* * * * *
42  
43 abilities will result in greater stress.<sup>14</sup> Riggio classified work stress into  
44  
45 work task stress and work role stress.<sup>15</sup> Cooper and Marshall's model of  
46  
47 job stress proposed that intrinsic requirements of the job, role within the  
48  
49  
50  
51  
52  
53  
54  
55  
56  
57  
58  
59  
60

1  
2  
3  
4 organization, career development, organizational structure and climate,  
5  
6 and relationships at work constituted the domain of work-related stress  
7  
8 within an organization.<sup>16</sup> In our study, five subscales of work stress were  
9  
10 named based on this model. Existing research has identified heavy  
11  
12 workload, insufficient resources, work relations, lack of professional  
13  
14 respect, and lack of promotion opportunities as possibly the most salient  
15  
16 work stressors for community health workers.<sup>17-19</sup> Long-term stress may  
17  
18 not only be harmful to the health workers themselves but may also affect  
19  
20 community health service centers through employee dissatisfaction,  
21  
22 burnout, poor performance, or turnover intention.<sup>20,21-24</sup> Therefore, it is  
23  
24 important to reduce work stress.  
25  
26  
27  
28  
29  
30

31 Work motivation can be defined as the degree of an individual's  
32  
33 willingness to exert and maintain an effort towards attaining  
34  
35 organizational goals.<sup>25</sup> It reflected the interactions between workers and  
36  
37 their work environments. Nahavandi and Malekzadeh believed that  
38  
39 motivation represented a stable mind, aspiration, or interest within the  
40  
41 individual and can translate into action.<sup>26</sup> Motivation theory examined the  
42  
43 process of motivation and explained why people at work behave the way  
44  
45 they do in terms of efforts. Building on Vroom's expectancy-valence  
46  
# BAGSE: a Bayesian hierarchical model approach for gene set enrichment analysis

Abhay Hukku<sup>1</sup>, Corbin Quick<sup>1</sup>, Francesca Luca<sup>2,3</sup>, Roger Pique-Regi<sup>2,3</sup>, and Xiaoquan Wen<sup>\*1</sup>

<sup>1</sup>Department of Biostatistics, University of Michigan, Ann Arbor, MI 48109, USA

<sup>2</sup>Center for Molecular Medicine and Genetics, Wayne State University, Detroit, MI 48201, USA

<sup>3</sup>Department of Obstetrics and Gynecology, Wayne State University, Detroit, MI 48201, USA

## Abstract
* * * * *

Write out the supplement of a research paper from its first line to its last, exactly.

42  
43 abilities will result in greater stress.<sup>14</sup> Riggio classified work stress into  
44  
45 work task stress and work role stress.<sup>15</sup> Cooper and Marshall's model of  
46  
47 job stress proposed that intrinsic requirements of the job, role within the  
48  
49  
50  
51  
52  
53  
54  
55  
56  
57  
58  
59  
60

1  
2  
3  
4 organization, career development, organizational structure and climate,  
5  
6 and relationships at work constituted the domain of work-related stress  
7  
8 within an organization.<sup>16</sup> In our study, five subscales of work stress were  
9  
10 named based on this model. Existing research has identified heavy  
11  
12 workload, insufficient resources, work relations, lack of professional  
13  
14 respect, and lack of promotion opportunities as possibly the most salient  
15  
16 work stressors for community health workers.<sup>17-19</sup> Long-term stress may  
17  
18 not only be harmful to the health workers themselves but may also affect  
19  
20 community health service centers through employee dissatisfaction,  
21  
22 burnout, poor performance, or turnover intention.<sup>20,21-24</sup> Therefore, it is  
23  
24 important to reduce work stress.  
25  
26  
27  
28  
29  
30

31 Work motivation can be defined as the degree of an individual's  
32  
33 willingness to exert and maintain an effort towards attaining  
34  
35 organizational goals.<sup>25</sup> It reflected the interactions between workers and  
36  
37 their work environments. Nahavandi and Malekzadeh believed that  
38  
39 motivation represented a stable mind, aspiration, or interest within the  
40  
41 individual and can translate into action.<sup>26</sup> Motivation theory examined the  
42  
43 process of motivation and explained why people at work behave the way  
44  
45 they do in terms of efforts. Building on Vroom's expectancy-valence  
46  
# BAGSE: a Bayesian hierarchical model approach for gene set enrichment analysis

Abhay Hukku<sup>1</sup>, Corbin Quick<sup>1</sup>, Francesca Luca<sup>2,3</sup>, Roger Pique-Regi<sup>2,3</sup>, and Xiaoquan Wen<sup>\*1</sup>

<sup>1</sup>Department of Biostatistics, University of Michigan, Ann Arbor, MI 48109, USA

<sup>2</sup>Center for Molecular Medicine and Genetics, Wayne State University, Detroit, MI 48201, USA

<sup>3</sup>Department of Obstetrics and Gynecology, Wayne State University, Detroit, MI 48201, USA

## Abstract